Being a trustee is a challenge, of that there is no question, but on the flip side it provides great growth opportunities. I’ve been a trustee of several charities and I can honestly say that they have all offered me a new way of engaging with the world that makes me feel more accountable and responsible as a human being sharing this earth with millions of others. If you can offer your time, experience and skills to enable people to live more fulfilling lives, then do it. Every single one of us can make a difference.

Right now we’re looking for an individual with international development experience to join our board. If this sounds like you, check out the role description and how to apply.

Health meets home

Our Director, Jo was invited to join the podcast Health Meets Home, hosted by doctor, author and property enthusiast Dr Lafina Diamandis. Health Meets Home dives into the fascinating relationship between health, housing and why the places we live influence our behaviour, physical and mental health. The podcast features some of the nation's leading experts on health and housing and discusses the latest innovations being developed to meet the changing needs of our population.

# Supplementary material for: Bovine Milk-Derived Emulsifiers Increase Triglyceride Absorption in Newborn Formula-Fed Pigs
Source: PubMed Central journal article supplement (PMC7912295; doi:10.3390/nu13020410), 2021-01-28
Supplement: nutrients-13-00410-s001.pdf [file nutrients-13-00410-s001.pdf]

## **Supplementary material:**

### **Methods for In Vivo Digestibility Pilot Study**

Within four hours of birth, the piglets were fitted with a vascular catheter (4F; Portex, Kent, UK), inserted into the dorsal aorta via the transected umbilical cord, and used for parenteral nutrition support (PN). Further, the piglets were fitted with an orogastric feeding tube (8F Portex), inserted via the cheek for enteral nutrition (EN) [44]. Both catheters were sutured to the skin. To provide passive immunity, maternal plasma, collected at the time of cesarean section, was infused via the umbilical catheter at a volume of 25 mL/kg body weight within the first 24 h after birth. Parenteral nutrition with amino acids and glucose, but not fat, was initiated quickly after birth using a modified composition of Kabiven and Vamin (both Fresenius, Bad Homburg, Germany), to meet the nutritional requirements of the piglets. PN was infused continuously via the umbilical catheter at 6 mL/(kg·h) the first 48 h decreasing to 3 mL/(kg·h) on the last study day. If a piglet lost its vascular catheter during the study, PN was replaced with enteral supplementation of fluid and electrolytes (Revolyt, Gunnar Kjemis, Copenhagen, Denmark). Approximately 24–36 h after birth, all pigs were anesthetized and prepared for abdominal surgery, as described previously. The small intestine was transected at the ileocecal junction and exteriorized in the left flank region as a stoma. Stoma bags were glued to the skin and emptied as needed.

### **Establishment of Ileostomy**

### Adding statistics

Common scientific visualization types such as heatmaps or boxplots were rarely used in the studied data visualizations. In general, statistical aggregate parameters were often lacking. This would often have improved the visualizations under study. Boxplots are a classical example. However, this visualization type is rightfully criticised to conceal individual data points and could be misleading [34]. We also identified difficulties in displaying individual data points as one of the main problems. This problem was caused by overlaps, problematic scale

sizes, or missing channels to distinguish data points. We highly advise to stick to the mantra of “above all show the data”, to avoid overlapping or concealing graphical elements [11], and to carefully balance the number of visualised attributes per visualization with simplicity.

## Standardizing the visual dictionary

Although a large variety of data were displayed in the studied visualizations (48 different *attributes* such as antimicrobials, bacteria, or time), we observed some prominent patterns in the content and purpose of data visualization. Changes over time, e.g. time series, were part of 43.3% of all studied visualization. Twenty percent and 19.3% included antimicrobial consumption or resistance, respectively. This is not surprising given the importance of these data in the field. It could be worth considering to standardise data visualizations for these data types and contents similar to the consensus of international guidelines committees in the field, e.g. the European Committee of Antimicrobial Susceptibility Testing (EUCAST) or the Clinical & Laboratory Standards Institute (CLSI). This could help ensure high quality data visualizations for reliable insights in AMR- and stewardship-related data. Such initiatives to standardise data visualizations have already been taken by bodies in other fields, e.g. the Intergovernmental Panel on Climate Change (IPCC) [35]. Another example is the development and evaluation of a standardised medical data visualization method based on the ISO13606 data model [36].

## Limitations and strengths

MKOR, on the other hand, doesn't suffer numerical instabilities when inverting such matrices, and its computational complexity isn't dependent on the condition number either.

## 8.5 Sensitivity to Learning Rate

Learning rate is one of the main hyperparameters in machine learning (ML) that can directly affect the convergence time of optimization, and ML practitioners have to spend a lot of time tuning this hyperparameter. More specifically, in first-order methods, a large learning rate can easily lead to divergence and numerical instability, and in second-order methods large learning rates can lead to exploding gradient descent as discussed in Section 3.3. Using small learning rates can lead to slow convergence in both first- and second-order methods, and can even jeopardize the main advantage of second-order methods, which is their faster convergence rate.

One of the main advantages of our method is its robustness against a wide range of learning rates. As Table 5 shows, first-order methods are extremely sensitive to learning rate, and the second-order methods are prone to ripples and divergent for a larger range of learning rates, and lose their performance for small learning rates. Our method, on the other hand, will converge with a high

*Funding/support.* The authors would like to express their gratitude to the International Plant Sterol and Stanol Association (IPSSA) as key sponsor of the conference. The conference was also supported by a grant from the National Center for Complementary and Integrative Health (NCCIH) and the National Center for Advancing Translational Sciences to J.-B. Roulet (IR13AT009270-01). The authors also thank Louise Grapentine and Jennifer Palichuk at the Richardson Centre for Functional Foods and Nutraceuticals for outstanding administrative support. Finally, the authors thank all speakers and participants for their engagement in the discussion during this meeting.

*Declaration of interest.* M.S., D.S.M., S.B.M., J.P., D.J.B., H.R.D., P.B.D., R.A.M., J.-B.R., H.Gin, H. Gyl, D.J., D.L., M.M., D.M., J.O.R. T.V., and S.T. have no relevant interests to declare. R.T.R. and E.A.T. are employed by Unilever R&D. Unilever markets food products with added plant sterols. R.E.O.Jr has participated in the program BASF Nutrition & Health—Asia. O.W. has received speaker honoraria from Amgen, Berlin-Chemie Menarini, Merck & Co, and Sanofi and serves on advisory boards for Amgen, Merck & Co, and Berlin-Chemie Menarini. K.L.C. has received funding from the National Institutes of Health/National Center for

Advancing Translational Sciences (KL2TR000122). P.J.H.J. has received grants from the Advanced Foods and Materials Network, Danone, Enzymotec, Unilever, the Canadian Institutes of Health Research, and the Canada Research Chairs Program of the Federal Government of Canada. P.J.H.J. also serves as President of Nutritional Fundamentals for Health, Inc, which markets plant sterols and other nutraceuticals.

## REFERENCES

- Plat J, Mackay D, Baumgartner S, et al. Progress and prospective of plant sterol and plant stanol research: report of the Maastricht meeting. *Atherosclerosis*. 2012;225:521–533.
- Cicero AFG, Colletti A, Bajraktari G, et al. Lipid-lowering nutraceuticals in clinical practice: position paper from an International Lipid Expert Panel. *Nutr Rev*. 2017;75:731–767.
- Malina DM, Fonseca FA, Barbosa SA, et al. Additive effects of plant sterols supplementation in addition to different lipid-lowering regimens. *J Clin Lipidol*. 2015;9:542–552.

<< Listen to the episode

Alongside our friend Amos Goldreich, we discuss:

  • The effects of design and architecture on health

  • Why people hold the answers to the challenges they face

  • Social housing, lighting and perception of space

  • How co-working could be a viable solution for homelessness

  • What architects can do about the postcode lottery impact on health

Read about how we’re designing to improve health and wellbeing with women in Bangladesh.

Ponchomi's story - building for safety